The Issue of Tax and Selling gold

Investing in gold is the smart thing to do if you want security in your future. There are a lot of ways you can invest in gold. One of the best ways is to buy gold bullion bars and coins. You may have heard people talk about how much gold is a great hedge in times of crisis. This is because whilst paper currencies like the US or Australian dollar are susceptible to inflation and economic uncertainty, geopolitical risks, and pandemic, gold thrives in such situations and does not lose value. In fact, many people are falling back on their gold investments during this critical time in the history of the world where we are dealing with a novel viral pandemic. Having gold right now could help you weather the hard-economic reality that everyone is facing.

Gold bullion is easy and convenient to liquidate. There are hundreds of gold dealers all over Australia that buy used gold for cash to resell to refineries. In addition to worrying about the amount of money, they stand to make when they sell gold bullion, a lot of people often wonder what the tax implications are when you sell or buy gold bullion in Australia.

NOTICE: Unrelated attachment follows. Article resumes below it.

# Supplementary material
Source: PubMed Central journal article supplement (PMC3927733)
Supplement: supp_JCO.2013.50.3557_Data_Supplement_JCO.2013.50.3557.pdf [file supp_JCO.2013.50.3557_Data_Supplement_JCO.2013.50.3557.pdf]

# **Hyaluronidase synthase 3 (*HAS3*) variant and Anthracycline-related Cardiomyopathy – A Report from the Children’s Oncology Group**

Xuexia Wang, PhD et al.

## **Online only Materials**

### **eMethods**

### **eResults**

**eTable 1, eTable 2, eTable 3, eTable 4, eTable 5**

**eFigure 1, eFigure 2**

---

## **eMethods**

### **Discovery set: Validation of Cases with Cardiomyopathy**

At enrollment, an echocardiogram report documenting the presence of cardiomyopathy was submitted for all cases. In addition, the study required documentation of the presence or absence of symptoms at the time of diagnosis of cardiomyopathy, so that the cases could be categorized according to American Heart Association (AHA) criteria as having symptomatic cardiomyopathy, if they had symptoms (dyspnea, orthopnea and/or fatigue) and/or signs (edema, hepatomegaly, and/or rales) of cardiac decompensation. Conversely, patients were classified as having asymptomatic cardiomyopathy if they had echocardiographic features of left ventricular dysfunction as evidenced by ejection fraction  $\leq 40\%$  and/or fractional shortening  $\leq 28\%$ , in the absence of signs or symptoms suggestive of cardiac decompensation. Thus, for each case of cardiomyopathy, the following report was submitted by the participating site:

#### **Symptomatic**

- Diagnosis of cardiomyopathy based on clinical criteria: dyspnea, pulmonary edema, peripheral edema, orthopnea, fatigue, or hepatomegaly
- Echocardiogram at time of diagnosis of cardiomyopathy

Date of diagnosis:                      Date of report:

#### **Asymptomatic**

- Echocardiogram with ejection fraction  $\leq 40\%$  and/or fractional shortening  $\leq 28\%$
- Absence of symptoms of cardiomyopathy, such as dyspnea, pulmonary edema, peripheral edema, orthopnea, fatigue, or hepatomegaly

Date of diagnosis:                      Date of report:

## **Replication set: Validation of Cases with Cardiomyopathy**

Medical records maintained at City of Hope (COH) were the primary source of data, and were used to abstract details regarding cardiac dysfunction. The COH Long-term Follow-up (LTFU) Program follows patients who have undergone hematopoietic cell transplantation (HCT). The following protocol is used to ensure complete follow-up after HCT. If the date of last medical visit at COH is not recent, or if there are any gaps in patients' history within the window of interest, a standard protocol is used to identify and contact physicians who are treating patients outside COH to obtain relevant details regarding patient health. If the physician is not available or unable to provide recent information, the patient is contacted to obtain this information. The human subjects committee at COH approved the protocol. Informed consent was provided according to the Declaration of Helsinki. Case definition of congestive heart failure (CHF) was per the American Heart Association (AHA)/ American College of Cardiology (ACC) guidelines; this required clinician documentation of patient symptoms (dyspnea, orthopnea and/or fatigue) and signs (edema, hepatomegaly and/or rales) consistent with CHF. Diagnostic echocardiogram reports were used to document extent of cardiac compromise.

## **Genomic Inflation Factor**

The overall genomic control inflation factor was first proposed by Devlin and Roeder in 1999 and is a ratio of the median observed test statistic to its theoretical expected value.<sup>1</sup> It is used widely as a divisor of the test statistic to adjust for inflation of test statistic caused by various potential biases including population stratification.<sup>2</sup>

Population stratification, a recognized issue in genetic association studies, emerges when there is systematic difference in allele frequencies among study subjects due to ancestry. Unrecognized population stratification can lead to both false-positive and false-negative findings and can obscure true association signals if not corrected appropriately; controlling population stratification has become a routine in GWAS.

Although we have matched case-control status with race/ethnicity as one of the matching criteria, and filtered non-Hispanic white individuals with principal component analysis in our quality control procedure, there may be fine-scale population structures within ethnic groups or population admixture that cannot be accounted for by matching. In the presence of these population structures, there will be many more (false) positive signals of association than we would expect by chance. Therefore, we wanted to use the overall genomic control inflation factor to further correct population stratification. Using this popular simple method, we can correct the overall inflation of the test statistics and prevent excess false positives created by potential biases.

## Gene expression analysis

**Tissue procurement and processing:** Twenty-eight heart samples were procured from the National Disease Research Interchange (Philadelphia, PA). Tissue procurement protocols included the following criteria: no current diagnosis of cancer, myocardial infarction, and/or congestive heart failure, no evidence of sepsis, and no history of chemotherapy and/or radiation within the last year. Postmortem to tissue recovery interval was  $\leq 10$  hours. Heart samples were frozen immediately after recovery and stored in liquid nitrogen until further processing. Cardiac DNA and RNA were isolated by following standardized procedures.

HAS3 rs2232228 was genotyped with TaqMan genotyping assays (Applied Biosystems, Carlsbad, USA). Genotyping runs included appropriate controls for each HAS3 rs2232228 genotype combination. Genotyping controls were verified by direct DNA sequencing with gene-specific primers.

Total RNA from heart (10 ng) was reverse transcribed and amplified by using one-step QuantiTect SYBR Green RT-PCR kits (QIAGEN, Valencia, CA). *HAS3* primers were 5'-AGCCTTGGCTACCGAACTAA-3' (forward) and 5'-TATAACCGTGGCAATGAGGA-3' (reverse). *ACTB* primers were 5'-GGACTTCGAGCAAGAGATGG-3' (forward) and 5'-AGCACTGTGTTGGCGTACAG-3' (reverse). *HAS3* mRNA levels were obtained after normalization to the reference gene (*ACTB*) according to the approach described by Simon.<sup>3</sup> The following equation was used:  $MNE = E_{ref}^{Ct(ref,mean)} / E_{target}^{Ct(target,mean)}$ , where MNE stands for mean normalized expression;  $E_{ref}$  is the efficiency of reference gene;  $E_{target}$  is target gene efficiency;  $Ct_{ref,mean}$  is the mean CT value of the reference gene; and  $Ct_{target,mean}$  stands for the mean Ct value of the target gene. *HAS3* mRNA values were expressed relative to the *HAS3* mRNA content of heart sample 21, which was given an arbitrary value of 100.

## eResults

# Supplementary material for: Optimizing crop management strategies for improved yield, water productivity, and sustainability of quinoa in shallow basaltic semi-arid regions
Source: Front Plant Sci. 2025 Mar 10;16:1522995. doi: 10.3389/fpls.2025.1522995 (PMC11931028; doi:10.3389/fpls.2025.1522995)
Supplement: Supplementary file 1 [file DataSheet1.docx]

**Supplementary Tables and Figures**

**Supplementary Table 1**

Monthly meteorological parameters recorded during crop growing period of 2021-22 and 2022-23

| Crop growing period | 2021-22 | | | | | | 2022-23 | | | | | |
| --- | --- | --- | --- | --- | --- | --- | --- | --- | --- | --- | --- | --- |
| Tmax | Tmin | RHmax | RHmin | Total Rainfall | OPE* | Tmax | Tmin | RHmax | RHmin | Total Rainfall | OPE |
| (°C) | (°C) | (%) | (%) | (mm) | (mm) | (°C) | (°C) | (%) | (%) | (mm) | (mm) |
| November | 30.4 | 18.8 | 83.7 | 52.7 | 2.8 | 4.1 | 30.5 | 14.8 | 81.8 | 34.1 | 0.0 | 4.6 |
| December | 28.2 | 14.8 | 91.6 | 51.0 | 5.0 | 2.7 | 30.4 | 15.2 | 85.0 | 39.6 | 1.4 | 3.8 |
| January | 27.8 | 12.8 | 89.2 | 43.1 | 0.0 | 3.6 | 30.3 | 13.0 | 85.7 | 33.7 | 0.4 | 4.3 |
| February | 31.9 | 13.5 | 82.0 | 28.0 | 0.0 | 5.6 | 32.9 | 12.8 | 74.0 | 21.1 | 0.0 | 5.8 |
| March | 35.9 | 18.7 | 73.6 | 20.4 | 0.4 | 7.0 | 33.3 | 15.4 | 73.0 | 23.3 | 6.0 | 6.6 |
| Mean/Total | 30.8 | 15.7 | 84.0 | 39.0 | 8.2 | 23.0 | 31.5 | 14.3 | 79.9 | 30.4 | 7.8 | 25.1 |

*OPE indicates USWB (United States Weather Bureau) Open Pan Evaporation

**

Capital Gains Tax is applicable to investment grade gold products like bullion gold bars and bullion coins. These products attract Goods and Services Tax (GST or Sales Tax and VAT in other countries). 10% GST will apply to gold products that except on gold products that meet the following:

  • Gold with a 99.5% purity
  • Gold products that are tradeable internationally that have engravings identifying the manufacturer, fineness, and quality.

Capital Gains Tax will apply if the investment-grade bullion you have to sell has greater value at the time you sell compared to the value it had when you bought it.

Can you avoid paying tax on your gold?

Many people would like to keep as much money for themselves as they can and would want ways to avoid or circumvent the tax issue. If you are buying and selling smaller gold bullion bars and coins, there might be so little made in that transaction, you could end up paying very little Capital Gains on your gold or none.

You can also avoid a huge Capital Gains Tax bill by not selling all your gold at once. Here’s an example of how this could be done:

Let’s assume, you bought gold bars or coins over a decade ago and they cost you $60,000. And in less than 3 years, the value rises to $80,000 which translates into a $20,000 profit when you sell. That is a significant profit, the kind that will pique the interest of the Tax Office. To stay under the radar, a lot of gold sellers sell only a fraction of the gold at one time.  If you do it this way, you will get an $11,000 tax-free profit. The remaining gold can be sold in the following year. You do need to keep in mind that the price of gold is always in flux, there is no telling whether the price will be just as high next year – when in doubt speak to a professional.